the special talisman that gives them their magic powers. (In another twist, Hawk Moth is actually
Adrien’s father, the successful but reclusive fashion designer Gabriel
Each episode runs to the same
formula. Someone in Marinette’s life, a
classmate, family member, or member of the local community, is transformed into
a villain bent on causing destruction as they seek to achieving their
goals. A number of these characters draw
on mythology. In Dark Cupid, a boy becomes a malevolent version of Eros, shooting
arrows that transform positive feelings of love and friendship into hate. In the episode Syren, Ondine a talented swimmer becomes an evil mermaid who wants
to build an exclusive underwater kingdom with the boy she likes. One villain takes the form of a huge spider,
drawing upon the African folktale figure Anansi, in another, an ancient
historian becomes the Pharoah, using the powers of the Egyptian gods to
resurrect Queen Nefertiti. And from what
I’ve read, previous holders of the Ladybug miraculous apparently include
Hippolyta the Amazon and Joan of Arc. In
this way, the show’s creators have developed their own kind of Miraculous
universe that simultaneously celebrates French culture (Paris’ food, iconic
architecture and landmarks play a big part in the setting), Oriental traditions
(Marinette is guided by Master Wang Fu, the immortal guardian of the miraculouses,
which resemble the animals of the Chinese zodiac), as well as ancient mythology
from the classical and other traditions.
It’s not necessary to be familiar with particular mythic figures to appreciate these storylines, in fact, subjecting them to rigorous scrutiny isn’t particularly constructive. Rather, what this kind of wholesale borrowing from the world of mythology or folktales highlights is that it these characters have come to function in our contemporary world as a kind of treasure trove of material for telling new stories. In the episode Heroes’ Day, Hawk Moth simultaneously akumatises lots of his supervillains, who come together to fight Ladybug and Cat Noir at the spiritual centre of Paris, the Eifel Tower. It is a mash up not only of all the evil characters from previous episodes, but also one which brings together diverse figures from myth, folktale and popular culture.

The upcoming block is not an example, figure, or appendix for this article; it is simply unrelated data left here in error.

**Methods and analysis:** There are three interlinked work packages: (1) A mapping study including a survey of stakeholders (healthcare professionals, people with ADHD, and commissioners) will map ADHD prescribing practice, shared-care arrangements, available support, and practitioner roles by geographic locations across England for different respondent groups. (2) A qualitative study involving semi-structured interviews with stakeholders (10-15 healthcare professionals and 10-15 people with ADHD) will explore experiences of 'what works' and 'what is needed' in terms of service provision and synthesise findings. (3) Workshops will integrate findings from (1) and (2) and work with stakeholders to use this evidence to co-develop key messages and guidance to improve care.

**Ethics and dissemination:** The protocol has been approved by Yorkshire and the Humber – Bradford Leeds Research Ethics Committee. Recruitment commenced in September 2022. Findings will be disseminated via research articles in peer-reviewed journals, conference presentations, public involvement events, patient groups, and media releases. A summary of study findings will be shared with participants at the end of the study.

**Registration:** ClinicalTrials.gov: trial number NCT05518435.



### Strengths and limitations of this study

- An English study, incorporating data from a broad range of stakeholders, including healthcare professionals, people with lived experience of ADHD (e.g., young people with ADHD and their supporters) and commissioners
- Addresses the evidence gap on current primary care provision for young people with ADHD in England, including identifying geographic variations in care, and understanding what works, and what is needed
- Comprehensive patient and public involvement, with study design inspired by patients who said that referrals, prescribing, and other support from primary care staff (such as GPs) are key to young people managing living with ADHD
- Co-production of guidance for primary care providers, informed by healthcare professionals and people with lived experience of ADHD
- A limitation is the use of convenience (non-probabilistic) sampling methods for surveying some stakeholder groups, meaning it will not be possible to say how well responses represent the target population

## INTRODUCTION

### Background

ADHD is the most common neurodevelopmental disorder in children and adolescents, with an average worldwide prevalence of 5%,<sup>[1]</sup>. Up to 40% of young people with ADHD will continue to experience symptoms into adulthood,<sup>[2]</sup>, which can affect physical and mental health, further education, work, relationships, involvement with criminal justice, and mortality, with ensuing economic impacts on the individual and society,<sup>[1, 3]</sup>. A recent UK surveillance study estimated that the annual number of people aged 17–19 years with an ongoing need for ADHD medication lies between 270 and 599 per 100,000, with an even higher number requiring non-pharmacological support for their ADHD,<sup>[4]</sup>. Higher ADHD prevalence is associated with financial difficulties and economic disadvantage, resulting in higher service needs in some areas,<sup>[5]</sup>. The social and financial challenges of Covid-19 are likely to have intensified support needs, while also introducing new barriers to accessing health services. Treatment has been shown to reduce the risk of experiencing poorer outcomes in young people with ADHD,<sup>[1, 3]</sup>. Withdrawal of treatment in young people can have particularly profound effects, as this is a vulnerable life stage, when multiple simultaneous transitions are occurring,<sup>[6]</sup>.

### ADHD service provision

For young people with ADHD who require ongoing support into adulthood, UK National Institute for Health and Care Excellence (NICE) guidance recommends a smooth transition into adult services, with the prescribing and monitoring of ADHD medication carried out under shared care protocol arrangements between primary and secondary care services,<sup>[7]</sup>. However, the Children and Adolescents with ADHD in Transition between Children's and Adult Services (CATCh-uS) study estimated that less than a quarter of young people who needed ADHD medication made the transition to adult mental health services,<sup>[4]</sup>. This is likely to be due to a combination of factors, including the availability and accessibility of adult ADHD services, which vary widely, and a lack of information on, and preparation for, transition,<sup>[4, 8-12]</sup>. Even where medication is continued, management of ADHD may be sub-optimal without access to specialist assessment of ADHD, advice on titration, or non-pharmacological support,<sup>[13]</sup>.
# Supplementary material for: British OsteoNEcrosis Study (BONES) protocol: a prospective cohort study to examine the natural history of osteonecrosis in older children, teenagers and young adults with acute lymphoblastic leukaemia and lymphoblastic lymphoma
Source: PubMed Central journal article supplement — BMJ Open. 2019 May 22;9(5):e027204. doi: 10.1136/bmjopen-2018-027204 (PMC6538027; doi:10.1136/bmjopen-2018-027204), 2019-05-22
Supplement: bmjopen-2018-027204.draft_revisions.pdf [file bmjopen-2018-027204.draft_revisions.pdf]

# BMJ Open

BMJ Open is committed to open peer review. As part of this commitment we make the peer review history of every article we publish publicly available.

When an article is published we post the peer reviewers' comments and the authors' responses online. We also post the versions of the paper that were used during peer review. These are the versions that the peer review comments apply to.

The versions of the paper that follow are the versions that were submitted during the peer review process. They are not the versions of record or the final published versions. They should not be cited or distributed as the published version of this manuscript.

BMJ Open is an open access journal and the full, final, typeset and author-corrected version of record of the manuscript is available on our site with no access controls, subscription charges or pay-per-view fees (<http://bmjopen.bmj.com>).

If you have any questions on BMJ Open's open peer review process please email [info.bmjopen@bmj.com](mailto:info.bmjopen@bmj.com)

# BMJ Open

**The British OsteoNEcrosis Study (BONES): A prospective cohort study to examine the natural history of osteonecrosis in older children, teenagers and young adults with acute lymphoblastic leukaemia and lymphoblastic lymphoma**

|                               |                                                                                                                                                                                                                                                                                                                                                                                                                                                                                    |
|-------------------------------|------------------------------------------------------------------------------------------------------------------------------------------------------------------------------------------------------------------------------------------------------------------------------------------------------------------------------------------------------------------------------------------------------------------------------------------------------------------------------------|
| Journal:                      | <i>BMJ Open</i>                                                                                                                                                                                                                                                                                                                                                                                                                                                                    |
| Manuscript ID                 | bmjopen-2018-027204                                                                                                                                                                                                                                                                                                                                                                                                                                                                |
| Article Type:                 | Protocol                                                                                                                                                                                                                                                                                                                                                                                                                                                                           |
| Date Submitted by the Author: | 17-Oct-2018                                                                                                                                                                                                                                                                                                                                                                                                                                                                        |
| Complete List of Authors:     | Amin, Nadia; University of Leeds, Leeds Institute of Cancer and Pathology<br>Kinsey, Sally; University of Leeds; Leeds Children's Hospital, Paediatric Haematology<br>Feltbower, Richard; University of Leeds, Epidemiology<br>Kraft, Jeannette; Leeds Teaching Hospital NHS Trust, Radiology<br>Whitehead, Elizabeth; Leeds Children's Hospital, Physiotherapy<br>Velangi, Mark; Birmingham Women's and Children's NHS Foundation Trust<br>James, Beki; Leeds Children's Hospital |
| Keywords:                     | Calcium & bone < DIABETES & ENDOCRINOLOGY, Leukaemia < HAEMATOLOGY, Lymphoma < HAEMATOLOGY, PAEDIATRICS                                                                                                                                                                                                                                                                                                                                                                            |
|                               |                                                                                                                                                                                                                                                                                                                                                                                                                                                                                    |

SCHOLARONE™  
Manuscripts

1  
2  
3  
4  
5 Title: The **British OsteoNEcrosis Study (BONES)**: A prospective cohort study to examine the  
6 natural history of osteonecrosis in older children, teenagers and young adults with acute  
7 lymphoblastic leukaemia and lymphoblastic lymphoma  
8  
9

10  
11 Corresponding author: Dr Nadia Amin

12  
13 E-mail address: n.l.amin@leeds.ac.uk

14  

Handling negative emotions
Central to this show is the power
of emotions, and the destructive impact of negative feelings. It is revealed that Marinette’s optimistic
personality renders her less susceptible to being evilised. There are other times when the series seems
to engage with psychoanalytic themes of desire, projection, and self-perception. In Weredad,
Marinette’s father, the baker, becomes akumatised. He is determined to protect his beloved
daughter from being heartbroken, and like a fairy tale giant, seeks to trap her
within a thorny prison that resembles Jack’s beanstalk and like Sleeping
Beauty’s enchanted castle. Helping
children to manage their emotions is a key aspect of children’s texts, and
these stories, with their predictable, repetitive formula, play out scenarios
that are both familiar and fantastical.
Once Ladybug has captured the akuma transformed it to its original white colour, she uses her special power to return everything to the way it was. There’s something very comforting about this resolution. A swarm of red and black creatures flurries across the city, repairing the damage of the fighting and returning the person who was evilised back to their normal self. They often seem a bit sheepish about what they have done, and Ladybug offers them absolution for their crimes. Ladybug and Cat Noir transform back into their everyday teenage selves, with their secret identities safe for another day, another episode.